Sunday, May 23, 2010
I'm an obituary reader. Have been for as long as I can remember. Starting in childhood with the local once-a-week newspaper where I searched for familiar names and indulged fantasies of what my own story would be.
Obits are little biographies, people's lives summed up in a few lines, written out of grief yet mostly devoid of emotion – stories that leave much to the reader's imagination.
I'm never completely clear why I'm so compelled to read these small stories. Sometimes I look for interesting names. Sometimes I study the path of a particularly long life and search for meaning. Sometimes I wonder how a family can go on when the life being noted was so very short.
The writer in me loves the variety and mystery of so many life stories. The mortal in me marvels that an entire life can be reduced to a mere handful of words in newsprint. The core of me wonders about the last moments of each of the lives, transformed beyond our knowing at the moment of death.
I've lived in Southwest Washington for over three decades now, so it's not unusual for me to see a familiar face or to recognize a name when I'm reading our local daily paper. However, even the familiarity holds some distance – the people I read about are never ones who have lived in my heart. Although my life has seen its fair share of loss, surprisingly little of it has been in the form of death. Which allows my reading of obituaries to be a cushioned, slightly distant experience.
Until last week.
The picture of the smiling woman looked familiar. Then I saw her name. I looked at the picture again, and there she was.
When I knew her, she wasn't one much for smiling. We met over quilting, bonded over long heart-felt conversations, shared a belief in the healing power of shining light in every dark corner of our hearts. I believed I'd met a soulmate in the survival of suffering. Our friendship felt to me like a gift meant to carry us both to the ends of our days.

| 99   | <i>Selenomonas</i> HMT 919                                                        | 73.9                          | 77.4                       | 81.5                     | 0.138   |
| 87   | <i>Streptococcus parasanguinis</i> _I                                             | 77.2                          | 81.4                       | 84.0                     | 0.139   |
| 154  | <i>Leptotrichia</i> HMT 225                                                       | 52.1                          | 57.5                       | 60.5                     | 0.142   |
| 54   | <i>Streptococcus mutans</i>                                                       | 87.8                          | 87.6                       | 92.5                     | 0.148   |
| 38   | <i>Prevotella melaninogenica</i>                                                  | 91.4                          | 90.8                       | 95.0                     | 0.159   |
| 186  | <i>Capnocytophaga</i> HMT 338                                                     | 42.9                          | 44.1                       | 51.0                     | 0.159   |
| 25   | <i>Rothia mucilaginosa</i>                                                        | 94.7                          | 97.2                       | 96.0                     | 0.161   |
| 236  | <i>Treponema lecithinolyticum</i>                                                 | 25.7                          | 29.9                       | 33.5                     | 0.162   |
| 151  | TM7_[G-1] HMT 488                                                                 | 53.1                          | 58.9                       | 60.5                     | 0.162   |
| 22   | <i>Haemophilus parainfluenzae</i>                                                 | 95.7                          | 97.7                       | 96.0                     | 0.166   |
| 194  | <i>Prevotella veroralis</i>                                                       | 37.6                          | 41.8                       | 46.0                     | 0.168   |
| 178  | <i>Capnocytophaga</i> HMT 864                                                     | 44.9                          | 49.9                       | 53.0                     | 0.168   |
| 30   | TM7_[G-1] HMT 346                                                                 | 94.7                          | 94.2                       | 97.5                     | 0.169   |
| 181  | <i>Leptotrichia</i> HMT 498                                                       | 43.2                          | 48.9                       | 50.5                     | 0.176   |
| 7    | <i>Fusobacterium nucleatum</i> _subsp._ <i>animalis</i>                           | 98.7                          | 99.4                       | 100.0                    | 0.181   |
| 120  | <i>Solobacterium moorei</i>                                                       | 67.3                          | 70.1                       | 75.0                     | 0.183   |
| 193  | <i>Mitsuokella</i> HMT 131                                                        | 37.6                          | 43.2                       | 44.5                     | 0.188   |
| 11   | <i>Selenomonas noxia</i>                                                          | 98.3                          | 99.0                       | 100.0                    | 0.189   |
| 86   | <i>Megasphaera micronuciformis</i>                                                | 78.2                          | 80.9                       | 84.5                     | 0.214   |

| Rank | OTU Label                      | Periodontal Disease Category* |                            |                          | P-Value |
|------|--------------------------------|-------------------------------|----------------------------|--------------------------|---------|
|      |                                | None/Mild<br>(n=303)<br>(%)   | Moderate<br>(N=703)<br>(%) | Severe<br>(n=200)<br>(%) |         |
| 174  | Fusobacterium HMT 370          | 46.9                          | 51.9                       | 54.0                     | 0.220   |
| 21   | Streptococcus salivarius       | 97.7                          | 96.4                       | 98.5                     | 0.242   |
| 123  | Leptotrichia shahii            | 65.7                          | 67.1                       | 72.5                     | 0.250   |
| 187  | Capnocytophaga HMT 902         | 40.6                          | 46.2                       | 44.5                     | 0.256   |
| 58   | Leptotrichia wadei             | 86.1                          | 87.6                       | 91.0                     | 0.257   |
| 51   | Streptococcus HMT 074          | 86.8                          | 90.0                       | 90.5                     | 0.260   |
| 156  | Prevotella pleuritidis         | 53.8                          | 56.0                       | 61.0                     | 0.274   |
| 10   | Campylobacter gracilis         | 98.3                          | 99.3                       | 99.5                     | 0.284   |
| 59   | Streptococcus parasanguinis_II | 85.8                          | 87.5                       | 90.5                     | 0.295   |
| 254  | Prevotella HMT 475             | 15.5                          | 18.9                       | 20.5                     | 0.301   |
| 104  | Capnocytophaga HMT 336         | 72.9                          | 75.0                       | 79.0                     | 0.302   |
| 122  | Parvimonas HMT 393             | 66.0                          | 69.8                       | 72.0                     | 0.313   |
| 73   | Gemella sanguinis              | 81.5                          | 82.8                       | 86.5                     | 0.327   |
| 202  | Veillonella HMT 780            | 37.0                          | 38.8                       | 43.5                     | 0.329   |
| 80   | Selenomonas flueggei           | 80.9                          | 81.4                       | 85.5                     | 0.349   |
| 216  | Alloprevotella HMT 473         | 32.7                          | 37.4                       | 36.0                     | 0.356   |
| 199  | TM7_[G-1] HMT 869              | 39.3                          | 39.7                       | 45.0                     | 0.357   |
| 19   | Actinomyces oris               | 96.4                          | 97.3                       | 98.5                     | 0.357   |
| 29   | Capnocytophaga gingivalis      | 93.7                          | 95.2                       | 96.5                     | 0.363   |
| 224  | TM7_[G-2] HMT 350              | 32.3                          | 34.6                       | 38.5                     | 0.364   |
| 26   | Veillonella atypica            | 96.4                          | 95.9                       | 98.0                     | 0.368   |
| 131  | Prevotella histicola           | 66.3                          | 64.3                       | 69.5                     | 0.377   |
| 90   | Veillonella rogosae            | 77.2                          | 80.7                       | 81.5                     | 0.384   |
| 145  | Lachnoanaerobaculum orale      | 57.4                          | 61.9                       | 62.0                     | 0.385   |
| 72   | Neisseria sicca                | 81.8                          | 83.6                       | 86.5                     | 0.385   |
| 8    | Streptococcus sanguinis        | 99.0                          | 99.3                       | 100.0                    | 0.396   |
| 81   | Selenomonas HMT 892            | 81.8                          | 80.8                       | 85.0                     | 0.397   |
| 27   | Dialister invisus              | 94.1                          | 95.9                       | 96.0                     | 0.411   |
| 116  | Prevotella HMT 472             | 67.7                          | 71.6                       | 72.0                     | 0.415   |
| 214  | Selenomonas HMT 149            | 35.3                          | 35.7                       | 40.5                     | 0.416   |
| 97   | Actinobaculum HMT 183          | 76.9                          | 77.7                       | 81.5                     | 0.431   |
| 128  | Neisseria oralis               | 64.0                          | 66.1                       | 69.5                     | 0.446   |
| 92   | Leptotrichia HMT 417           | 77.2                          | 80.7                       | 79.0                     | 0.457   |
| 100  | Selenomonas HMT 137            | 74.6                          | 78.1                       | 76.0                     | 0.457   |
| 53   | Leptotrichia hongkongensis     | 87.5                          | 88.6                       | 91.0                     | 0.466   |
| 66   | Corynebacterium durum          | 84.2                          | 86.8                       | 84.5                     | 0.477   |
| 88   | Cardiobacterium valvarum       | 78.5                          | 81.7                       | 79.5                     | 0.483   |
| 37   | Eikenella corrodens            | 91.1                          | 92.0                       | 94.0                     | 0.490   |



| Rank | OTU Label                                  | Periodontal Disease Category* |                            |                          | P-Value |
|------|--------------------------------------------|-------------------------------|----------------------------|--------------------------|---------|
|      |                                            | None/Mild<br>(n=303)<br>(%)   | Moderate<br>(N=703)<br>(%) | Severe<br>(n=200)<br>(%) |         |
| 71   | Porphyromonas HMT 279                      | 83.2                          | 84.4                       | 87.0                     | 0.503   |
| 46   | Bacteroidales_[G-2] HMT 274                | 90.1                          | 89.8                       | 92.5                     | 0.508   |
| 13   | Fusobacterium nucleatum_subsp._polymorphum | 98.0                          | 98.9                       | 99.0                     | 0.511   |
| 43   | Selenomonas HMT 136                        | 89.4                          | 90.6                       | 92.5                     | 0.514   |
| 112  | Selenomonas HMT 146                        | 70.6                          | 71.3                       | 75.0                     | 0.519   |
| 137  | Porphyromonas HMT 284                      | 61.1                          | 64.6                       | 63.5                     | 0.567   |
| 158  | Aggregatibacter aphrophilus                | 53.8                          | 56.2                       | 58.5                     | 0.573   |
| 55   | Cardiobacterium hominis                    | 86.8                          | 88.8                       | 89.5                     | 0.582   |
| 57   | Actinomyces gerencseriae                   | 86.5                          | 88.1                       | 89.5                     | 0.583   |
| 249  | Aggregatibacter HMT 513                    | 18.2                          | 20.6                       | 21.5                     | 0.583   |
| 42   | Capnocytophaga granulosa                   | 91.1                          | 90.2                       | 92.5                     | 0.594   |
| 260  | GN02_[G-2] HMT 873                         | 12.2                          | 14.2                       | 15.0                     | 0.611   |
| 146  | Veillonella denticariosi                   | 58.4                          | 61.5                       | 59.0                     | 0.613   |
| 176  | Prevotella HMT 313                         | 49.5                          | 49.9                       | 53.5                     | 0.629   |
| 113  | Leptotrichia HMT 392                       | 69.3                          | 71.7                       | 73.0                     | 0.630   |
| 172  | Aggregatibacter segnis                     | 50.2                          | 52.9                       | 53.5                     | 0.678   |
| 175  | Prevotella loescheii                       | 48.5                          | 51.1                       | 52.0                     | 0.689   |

We had little in common beyond our wounds and quilting. It turned out she was not as inspired by our heart-to-hearts as I was, and she had no interest in working through our differences to find common ground. She wrote me a letter saying she didn't want to be friends any more. And that was that.
I was stunned to be broken up with, it felt so junior high. But I also admired her courage and clarity about what she was willing to live with. We saw each other at quilting events for a while after, and it was awkward, but eventually I moved away from that world and sort of forgot about her.
A few months ago my neighbor, who is still a part of that quilting group, mentioned this woman had just been diagnosed with cancer. Occasional updates would reveal that treatments weren't working well, but then I didn't hear anything for a long time. Until I saw the obituary.
It was a pretty short story for a life that spanned just over six decades. She wasn't that much older than me. Reading it, I found no surprises, no revealed secrets, no evidence that her decision to end our friendship touched her life in any way at all. Married to the same man for 40 years. A veteran. Worked at the same desk job for 20 years. A brother in California. The quilt group was mentioned – the only hint of softness at all.
I marveled at all the obituary didn't say, and the fact that there was no one to write a truer story of her life. A practical woman of short hair, no makeup and comfortable clothes, she was vain about her fingernails. Would never miss an appointment to have them done, and if one came off, would change plans to go in and get it glued back on. She drove three hours every week to see a beloved counselor, the only person she trusted completely. Her quilts were works of art, blankets of beauty and color and softness. She loved to shop. Hugs made her uncomfortable, but she hugged back hard.
She didn't believe in God. While she'd listen with interest to my yearning and questions and seeking, she had no interest in a spiritual life of her own. I believed it was part of the reason we were together, that I could help her feel safe enough to trust in faith.
I wonder if, at the end, she was satisfied with her life and met death with acceptance and hope. I wonder what her life meant and hope deeply it was much more than those few facts in the newspaper. I wonder what mine means. I'm determined to live a life worthy of a powerful, compelling and love-filled story at the end. And I hope I'll meet death without fear or regret.